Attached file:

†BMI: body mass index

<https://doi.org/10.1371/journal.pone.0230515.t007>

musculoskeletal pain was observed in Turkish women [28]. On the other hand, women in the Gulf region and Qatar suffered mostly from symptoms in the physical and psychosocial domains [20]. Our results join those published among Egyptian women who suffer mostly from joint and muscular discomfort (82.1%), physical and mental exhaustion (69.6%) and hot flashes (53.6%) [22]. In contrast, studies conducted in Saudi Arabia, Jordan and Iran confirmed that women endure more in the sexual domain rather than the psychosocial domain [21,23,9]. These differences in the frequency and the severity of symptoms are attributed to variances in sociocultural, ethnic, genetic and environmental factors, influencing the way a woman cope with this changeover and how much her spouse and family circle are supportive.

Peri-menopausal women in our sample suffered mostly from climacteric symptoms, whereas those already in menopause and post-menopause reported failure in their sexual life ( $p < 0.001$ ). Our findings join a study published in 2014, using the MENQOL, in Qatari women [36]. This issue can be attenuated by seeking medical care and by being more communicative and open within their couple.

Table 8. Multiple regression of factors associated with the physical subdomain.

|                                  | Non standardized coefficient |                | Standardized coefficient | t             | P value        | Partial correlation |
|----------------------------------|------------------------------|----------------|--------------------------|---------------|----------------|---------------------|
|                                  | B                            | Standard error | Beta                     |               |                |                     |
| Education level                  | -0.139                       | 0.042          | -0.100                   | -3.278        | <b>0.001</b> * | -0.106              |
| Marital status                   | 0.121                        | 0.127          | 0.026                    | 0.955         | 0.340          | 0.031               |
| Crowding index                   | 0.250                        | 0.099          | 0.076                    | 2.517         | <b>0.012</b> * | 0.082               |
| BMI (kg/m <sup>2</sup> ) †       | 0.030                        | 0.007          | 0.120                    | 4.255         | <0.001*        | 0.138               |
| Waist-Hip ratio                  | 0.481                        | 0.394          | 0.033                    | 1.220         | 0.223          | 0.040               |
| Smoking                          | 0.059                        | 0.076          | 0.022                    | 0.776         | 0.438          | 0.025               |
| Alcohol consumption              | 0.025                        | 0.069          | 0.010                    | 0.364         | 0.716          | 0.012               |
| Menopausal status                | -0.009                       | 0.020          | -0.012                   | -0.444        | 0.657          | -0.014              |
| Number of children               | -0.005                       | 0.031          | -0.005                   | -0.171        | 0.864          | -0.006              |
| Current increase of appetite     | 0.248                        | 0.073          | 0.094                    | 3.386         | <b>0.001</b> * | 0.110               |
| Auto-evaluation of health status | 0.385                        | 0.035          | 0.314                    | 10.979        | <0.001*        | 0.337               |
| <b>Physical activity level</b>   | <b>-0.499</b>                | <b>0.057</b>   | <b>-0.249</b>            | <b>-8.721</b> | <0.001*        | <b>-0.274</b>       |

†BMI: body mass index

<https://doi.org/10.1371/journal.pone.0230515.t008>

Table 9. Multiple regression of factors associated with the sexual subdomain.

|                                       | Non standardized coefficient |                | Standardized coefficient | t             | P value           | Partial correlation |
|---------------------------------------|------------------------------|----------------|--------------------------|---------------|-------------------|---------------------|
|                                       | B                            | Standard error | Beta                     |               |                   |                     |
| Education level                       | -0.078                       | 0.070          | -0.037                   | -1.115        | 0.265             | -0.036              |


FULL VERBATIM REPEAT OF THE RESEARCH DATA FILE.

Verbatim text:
†BMI: body mass index

<https://doi.org/10.1371/journal.pone.0230515.t007>

musculoskeletal pain was observed in Turkish women [28]. On the other hand, women in the Gulf region and Qatar suffered mostly from symptoms in the physical and psychosocial domains [20]. Our results join those published among Egyptian women who suffer mostly from joint and muscular discomfort (82.1%), physical and mental exhaustion (69.6%) and hot flashes (53.6%) [22]. In contrast, studies conducted in Saudi Arabia, Jordan and Iran confirmed that women endure more in the sexual domain rather than the psychosocial domain [21,23,9]. These differences in the frequency and the severity of symptoms are attributed to variances in sociocultural, ethnic, genetic and environmental factors, influencing the way a woman cope with this changeover and how much her spouse and family circle are supportive.

Peri-menopausal women in our sample suffered mostly from climacteric symptoms, whereas those already in menopause and post-menopause reported failure in their sexual life ( $p < 0.001$ ). Our findings join a study published in 2014, using the MENQOL, in Qatari women [36]. This issue can be attenuated by seeking medical care and by being more communicative and open within their couple.

Table 8. Multiple regression of factors associated with the physical subdomain.

|                                  | Non standardized coefficient |                | Standardized coefficient | t             | P value        | Partial correlation |
|----------------------------------|------------------------------|----------------|--------------------------|---------------|----------------|---------------------|
|                                  | B                            | Standard error | Beta                     |               |                |                     |
| Education level                  | -0.139                       | 0.042          | -0.100                   | -3.278        | <b>0.001</b> * | -0.106              |
| Marital status                   | 0.121                        | 0.127          | 0.026                    | 0.955         | 0.340          | 0.031               |
| Crowding index                   | 0.250                        | 0.099          | 0.076                    | 2.517         | <b>0.012</b> * | 0.082               |
| BMI (kg/m <sup>2</sup> ) †       | 0.030                        | 0.007          | 0.120                    | 4.255         | <0.001*        | 0.138               |
| Waist-Hip ratio                  | 0.481                        | 0.394          | 0.033                    | 1.220         | 0.223          | 0.040               |
| Smoking                          | 0.059                        | 0.076          | 0.022                    | 0.776         | 0.438          | 0.025               |
| Alcohol consumption              | 0.025                        | 0.069          | 0.010                    | 0.364         | 0.716          | 0.012               |
| Menopausal status                | -0.009                       | 0.020          | -0.012                   | -0.444        | 0.657          | -0.014              |
| Number of children               | -0.005                       | 0.031          | -0.005                   | -0.171        | 0.864          | -0.006              |
| Current increase of appetite     | 0.248                        | 0.073          | 0.094                    | 3.386         | <b>0.001</b> * | 0.110               |
| Auto-evaluation of health status | 0.385                        | 0.035          | 0.314                    | 10.979        | <0.001*        | 0.337               |
| <b>Physical activity level</b>   | <b>-0.499</b>                | <b>0.057</b>   | <b>-0.249</b>            | <b>-8.721</b> | <0.001*        | <b>-0.274</b>       |

†BMI: body mass index

<https://doi.org/10.1371/journal.pone.0230515.t008>

Table 9. Multiple regression of factors associated with the sexual subdomain.

|                                       | Non standardized coefficient |                | Standardized coefficient | t             | P value           | Partial correlation |
|---------------------------------------|------------------------------|----------------|--------------------------|---------------|-------------------|---------------------|
|                                       | B                            | Standard error | Beta                     |               |                   |                     |
| Education level                       | -0.078                       | 0.070          | -0.037                   | -1.115        | 0.265             | -0.036              |